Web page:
Mumbai: Development Credit Bank Ltd (DCB) may be the first Indian bank to pay the price for aggressive retail lending over the past few years and is being closely monitored by the banking regulator, Reserve Bank of India (RBI), even as its quality of assets deteriorates and its profitability comes under strain.
The bank’s chairman Nasser Munjee admitted that bad loans were a problem, but denied that DCB was under RBI’s scanner.
DCB’s gross non-performing assets, or NPAs (bad loans), have risen more than threefold in the first three quarters of the current fiscal year—from 1.5% in April to 4.7% in December 2008.
As DCB needs to make provisions to take care of its growing NPAs, the bank’s profitability is being eroded. It recorded a net loss of Rs3.22 crore for the quarter ended December, compared with a net profit of Rs1 crore in the second quarter of the fiscal year and Rs5.44 crore net profit in the first quarter.
The reason behind rising NPAs, analysts say, is aggressive lending in the unsecured personal loans space.
Retail advances account for around 50% of DCB’s total loan book of Rs3,692 crore and some of these loans are turning bad as consumers have started defaulting.
In a bid to tide over the crisis, the bank has shrunk the unsecured retail loan book from Rs652 crore to Rs519 crore in the first three quarters of the current fiscal year, while its secured retail loans— backed by collaterals—have increased from Rs1,280 crore to Rs1,371 crore during this period.
Interestingly, DCB’s deposit base shrank by at least 17% in the three months ended December, from Rs6,006 crore to Rs4,979 crore.
Two rating agencies, Standard and Poor’s Indian arm Crisil Ltd and Fitch Ratings Ltd have recently downgraded the bank’s credit rating, citing its high exposure to “the vulnerable retail and small business segment” and increasing credit losses.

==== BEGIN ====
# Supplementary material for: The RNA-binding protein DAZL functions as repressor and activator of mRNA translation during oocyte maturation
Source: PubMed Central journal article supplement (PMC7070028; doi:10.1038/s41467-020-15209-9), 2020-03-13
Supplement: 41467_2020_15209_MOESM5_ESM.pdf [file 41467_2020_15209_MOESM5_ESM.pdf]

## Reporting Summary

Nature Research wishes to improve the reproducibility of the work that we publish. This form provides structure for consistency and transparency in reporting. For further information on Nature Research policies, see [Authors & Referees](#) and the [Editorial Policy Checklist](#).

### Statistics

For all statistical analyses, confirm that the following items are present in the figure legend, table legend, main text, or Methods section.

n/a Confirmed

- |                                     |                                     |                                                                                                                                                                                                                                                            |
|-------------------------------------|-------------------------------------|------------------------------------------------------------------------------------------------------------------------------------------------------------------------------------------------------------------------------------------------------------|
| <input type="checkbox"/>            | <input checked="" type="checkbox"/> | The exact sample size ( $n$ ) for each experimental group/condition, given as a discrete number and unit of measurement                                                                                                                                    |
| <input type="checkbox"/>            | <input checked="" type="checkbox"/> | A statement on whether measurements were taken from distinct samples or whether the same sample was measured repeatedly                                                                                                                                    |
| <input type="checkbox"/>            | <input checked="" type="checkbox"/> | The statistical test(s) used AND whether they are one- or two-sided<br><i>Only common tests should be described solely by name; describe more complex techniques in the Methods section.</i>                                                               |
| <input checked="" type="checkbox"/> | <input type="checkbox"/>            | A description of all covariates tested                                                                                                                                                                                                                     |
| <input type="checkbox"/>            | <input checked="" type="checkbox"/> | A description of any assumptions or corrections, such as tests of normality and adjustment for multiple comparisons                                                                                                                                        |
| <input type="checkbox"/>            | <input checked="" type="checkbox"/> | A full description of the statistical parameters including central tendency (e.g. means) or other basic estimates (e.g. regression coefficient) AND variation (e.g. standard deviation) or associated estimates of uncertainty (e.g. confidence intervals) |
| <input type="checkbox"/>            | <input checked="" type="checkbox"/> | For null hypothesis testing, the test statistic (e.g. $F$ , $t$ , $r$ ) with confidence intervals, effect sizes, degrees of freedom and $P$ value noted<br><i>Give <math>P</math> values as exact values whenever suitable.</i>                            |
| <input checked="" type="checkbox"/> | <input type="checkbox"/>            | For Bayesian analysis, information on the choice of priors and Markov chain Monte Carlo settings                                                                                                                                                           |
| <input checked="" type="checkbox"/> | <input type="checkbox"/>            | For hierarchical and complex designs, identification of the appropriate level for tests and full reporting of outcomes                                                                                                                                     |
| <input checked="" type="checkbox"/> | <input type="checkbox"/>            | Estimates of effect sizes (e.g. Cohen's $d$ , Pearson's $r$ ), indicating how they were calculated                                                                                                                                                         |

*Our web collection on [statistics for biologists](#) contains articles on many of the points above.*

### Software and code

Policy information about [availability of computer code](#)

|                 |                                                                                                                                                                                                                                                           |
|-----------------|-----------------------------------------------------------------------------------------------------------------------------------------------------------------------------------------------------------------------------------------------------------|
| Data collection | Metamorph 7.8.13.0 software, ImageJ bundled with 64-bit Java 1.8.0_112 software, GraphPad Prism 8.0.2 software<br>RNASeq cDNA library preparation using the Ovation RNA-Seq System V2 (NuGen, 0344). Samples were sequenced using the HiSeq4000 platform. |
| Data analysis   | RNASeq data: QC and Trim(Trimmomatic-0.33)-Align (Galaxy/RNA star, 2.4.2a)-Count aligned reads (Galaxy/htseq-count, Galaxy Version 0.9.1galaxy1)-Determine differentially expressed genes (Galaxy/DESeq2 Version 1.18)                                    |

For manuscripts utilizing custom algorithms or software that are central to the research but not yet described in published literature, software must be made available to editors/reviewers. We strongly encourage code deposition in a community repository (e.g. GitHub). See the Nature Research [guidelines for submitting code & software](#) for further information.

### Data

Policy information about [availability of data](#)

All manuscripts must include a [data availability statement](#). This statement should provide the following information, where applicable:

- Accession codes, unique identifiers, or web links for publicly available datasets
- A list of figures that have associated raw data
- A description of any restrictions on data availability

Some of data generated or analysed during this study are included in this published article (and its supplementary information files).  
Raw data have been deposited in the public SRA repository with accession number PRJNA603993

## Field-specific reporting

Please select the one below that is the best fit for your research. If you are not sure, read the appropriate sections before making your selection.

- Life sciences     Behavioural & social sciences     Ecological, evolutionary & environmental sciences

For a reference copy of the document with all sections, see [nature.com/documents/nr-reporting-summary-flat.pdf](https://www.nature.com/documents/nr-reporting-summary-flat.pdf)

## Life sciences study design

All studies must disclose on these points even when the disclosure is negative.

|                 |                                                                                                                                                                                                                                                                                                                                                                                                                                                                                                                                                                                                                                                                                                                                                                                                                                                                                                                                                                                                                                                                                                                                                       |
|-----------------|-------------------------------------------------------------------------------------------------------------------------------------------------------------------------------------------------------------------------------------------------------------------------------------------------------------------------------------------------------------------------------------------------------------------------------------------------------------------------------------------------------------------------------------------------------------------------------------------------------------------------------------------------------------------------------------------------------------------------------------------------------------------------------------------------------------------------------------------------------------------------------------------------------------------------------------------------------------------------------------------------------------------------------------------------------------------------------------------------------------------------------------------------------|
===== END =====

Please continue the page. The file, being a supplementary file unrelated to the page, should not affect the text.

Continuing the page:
Fitch has also cut the outlook on DCB’s rating from stable to negative. According to the rating agency, a sustainable turnaround in performance “would be challenging, given an increasingly difficult operating environment and constraints in developing its franchise”.
This is not the first time that DCB, promoted by the Aga Khan Fund for Economic Development (Akfed), is in trouble. In September 2005, it appointed Gautam Vir as managing director and chief executive officer and gave him a mandate to clean up a pile of stressed assets and turn the bank around.
Vir also took the bank to the market in October 2006 through an initial public offering. He left in January this year.
On Wednesday, shares of DCB closed at Rs15.45 each, losing 1.28%.
Since January 2008, when they reached a lifetime high of Rs162, the shares have lost 90.46%. During this time, the Bankex, the Bombay Stock Exchange’s banking index, has lost 69%.